Mr Azeem said the French decision to engage with Syria would be far more productive than the policy of isolation adopted by the Americans and Mr Sarkozy's predecessor, Jacques Chirac, who froze ties with Damascus after the murder of his close friend Rafiq Hariri, Lebanon's former premier.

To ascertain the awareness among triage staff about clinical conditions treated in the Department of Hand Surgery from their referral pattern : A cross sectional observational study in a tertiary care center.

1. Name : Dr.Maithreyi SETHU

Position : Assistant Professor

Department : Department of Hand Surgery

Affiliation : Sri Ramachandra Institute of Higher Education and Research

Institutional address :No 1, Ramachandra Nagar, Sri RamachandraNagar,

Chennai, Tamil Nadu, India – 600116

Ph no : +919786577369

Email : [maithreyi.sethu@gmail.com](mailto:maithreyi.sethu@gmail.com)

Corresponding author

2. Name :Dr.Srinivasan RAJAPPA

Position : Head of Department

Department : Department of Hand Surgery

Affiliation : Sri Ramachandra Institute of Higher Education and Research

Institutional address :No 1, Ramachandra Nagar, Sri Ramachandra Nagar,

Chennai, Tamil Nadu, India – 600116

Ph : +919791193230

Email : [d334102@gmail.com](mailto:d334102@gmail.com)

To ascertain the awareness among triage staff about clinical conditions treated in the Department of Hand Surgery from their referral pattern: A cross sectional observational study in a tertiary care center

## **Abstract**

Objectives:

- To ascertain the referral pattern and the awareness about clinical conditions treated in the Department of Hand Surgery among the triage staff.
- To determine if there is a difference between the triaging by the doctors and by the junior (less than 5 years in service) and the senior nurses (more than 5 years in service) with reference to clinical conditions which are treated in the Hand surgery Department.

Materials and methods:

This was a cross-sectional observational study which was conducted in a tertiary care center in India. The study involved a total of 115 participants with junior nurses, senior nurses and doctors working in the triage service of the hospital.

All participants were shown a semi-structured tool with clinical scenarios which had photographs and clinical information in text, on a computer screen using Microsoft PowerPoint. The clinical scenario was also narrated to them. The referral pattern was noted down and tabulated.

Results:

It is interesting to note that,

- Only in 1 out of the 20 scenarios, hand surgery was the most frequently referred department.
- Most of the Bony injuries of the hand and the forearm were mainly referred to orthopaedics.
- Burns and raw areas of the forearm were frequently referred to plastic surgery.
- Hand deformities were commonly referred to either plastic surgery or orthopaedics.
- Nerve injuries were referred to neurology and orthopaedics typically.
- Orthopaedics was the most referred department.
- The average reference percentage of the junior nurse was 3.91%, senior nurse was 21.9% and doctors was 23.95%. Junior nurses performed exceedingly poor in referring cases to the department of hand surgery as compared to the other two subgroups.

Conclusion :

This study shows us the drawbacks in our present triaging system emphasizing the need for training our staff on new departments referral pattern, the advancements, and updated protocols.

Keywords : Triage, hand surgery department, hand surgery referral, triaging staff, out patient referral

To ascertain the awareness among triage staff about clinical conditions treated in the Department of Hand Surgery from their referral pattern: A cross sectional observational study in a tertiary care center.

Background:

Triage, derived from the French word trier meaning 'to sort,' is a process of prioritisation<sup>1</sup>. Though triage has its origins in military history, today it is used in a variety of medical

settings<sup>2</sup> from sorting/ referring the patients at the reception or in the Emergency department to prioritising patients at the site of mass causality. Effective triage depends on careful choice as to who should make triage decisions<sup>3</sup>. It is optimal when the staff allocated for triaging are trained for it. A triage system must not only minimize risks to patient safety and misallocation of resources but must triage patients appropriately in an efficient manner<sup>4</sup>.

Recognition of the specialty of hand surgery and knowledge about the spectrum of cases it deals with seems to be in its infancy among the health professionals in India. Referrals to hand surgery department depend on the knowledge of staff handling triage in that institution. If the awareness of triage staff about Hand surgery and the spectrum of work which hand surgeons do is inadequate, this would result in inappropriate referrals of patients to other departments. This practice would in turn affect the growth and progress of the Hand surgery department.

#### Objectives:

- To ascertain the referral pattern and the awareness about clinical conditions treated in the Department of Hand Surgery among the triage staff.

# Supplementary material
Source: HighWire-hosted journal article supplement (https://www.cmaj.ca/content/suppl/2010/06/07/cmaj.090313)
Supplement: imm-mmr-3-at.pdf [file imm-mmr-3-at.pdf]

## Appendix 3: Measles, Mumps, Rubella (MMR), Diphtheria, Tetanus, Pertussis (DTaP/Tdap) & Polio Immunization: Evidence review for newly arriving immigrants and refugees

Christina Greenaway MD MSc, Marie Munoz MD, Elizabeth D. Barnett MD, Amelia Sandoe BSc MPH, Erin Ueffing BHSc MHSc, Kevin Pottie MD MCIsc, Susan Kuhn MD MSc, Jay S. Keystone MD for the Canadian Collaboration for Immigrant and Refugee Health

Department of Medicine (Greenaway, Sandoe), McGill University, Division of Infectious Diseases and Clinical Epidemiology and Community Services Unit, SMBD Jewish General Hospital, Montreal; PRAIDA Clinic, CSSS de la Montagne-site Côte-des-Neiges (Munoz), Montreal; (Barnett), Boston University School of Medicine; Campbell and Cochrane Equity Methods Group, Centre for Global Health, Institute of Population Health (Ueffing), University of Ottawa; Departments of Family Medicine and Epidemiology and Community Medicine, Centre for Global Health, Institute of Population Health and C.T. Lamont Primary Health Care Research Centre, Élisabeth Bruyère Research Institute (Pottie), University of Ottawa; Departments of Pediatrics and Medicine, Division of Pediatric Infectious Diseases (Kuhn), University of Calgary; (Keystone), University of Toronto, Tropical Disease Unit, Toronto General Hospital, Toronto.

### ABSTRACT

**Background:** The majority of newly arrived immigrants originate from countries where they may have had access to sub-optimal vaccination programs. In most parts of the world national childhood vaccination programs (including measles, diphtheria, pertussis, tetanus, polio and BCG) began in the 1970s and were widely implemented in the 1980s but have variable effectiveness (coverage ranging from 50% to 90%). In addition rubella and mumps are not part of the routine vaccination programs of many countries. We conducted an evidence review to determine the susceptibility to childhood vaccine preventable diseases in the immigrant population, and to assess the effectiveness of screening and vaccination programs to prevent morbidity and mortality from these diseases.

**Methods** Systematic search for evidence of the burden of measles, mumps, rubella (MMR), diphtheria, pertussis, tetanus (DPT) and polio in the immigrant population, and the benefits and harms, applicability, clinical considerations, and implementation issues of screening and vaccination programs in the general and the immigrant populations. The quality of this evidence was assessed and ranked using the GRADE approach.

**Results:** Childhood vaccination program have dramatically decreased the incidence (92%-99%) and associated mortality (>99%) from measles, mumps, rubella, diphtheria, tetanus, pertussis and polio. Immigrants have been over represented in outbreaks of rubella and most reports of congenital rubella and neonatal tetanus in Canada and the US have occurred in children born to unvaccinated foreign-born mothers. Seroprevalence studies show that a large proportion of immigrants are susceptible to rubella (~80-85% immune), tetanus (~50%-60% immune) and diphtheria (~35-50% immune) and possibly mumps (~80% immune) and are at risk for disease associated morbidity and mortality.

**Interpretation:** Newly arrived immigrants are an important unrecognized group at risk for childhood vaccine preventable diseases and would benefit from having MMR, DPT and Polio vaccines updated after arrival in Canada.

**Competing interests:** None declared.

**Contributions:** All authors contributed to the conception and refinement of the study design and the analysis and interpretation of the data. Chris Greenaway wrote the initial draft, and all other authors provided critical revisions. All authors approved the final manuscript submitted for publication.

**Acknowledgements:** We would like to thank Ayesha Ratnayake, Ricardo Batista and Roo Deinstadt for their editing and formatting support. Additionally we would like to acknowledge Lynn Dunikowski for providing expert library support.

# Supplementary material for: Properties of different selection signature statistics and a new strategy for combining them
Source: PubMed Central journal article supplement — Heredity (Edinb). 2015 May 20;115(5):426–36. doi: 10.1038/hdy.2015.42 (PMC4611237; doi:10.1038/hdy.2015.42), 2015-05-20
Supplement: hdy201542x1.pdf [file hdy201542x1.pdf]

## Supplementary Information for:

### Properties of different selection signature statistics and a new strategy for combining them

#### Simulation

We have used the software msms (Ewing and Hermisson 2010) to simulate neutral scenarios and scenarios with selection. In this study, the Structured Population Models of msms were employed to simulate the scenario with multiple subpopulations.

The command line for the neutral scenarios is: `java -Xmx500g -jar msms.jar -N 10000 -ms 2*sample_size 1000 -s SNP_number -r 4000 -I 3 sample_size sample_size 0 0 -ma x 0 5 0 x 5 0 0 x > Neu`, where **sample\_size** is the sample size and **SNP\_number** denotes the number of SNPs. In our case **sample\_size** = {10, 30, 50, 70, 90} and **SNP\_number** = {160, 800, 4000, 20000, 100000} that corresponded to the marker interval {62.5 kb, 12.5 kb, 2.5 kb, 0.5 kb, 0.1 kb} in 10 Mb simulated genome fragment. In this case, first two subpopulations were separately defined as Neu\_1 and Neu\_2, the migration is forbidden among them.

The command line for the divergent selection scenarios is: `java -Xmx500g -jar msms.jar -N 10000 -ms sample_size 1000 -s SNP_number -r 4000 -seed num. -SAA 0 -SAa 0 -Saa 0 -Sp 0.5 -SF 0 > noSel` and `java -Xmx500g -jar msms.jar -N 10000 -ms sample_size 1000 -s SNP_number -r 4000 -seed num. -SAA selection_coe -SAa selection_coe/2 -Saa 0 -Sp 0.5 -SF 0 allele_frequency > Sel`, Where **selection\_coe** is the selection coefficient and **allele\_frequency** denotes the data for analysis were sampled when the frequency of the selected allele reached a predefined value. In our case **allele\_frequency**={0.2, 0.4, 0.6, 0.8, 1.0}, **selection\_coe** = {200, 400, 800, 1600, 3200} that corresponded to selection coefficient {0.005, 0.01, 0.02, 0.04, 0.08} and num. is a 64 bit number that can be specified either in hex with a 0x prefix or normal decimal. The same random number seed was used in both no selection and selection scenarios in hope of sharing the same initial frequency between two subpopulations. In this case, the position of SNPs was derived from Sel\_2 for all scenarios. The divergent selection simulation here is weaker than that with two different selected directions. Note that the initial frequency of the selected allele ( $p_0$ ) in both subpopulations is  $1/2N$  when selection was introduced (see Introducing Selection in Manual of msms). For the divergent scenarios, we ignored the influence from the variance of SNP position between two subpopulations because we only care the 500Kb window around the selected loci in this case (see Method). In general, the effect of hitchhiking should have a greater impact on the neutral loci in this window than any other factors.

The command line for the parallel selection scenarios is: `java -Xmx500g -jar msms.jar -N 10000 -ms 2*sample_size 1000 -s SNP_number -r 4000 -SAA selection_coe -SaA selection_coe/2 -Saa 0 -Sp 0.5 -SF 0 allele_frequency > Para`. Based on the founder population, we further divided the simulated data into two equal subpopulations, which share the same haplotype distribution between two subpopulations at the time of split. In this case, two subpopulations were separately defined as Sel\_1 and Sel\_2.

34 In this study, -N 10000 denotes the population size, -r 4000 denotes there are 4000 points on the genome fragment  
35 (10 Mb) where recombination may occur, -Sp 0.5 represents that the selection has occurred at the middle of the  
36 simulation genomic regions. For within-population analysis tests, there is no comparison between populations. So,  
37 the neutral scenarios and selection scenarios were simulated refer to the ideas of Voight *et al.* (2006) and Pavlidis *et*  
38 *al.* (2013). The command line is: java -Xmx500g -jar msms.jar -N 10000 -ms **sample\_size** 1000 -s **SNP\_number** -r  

Syria was widely accused of being behind the 2005 assassination, an allegation that is still under UN investigation despite persistent denials of involvement from Damascus. Kurdish political activist Faisal Badr called on the French president to step in and help reformers. "As Syrian Kurds, we ask President Sarkozy to help us get more freedoms, and we want him to raise the matter seriously with President Assad," he said. "France is an important country, and we are sure they can play a role in this." Little more than a week ago two Syrian Kurdish leaders were arrested and one of them, Mashaal Tammo, has since been charged with a capital offence. An official in the Future Movement, Mr Tammo has campaigned for democracy and equal rights for Syria's one million Kurdish minority community. According to a leading Syrian human rights activist, however, the French are not universally seen as champions of their cause after a preparatory visit last week by Mr Kouchner. "The French asked to meet with the wives of some jailed activists, including Michel Kilo," one activist said on condition of anonymity, owing to the controversial nature of the subject. "The opposition refused the meeting because we felt it was just a publicity stunt and didn't have real substance. If the French are serious, we need actions, not honeyed words or photo opportunities." French-Syrian relations, plunged into a crisis after the Hariri killing, have been undergoing a renaissance under Mr Sarkozy. In July, he invited Mr Assad to Paris as part of a European-Mediterranean summit. It was there the Syrian premier announced his intention to formalise relations with Lebanon, a highly symbolic step. Syrian troops spent 30 years in Lebanon, after going in to break up a civil war in the 1970s. It was the Hariri murder that brought about anti-Syrian sentiments and forced them to withdraw. However Syrian influence in Lebanon remains strong, and Damascus is a key supporter of Hizbollah, the most powerful group opposing the US-backed government and the only force in the Middle East that has stood up to the military might of Israel. Long blamed by the Americans, French and their Arab allies of playing a spoiling role in Lebanon, Syria won plaudits for helping to diffuse a dangerous political impasse this year that had left Beirut torn by street fighting and the country without a president. That was taken as evidence that Damascus could be engaged constructively on the international stage, despite an American insistence Syria be treated as a pariah state for its close ties to Iran, support of Hizbollah and Hamas, and opposition to the US military presence in neighbouring Iraq. American and Israeli concerns were further heightened last week after Moscow agreed to sell "modern" weapons to Syria to augment its military capabilities. Russian-made, anti-tank missiles were used with devastating effect by Hizbollah in the July 2006 war with Israel as Tel Aviv accused Syria of smuggling them into the guerrillas' hands. Mr Sarkozy's trip is due to last two days, and tomorrow he is expected to be joined in Syria by Recep Tayyip Erdogan, the Turkish prime minister, and Sheikh Hamad bin Khalifa al Thani, Qatar's emir, for four-way talks. Ankara has been mediating the indirect Syrian-Israeli contacts. Hamas, meanwhile, has denied claims its exiled leader, Khalid Meshaal, was to move his offices from Syria to Sudan. A report in Kuwait's al Rai newspaper said the Syrian authorities had told the Palestinian Islamic movement head he would no longer be able to base himself in Damascus. Its support for Hamas militants has been a sticking point in Syria's relations with the United States and Israel, which have demanded an end to the backing as part of any peace agreement. @email:firstname.lastname@example.org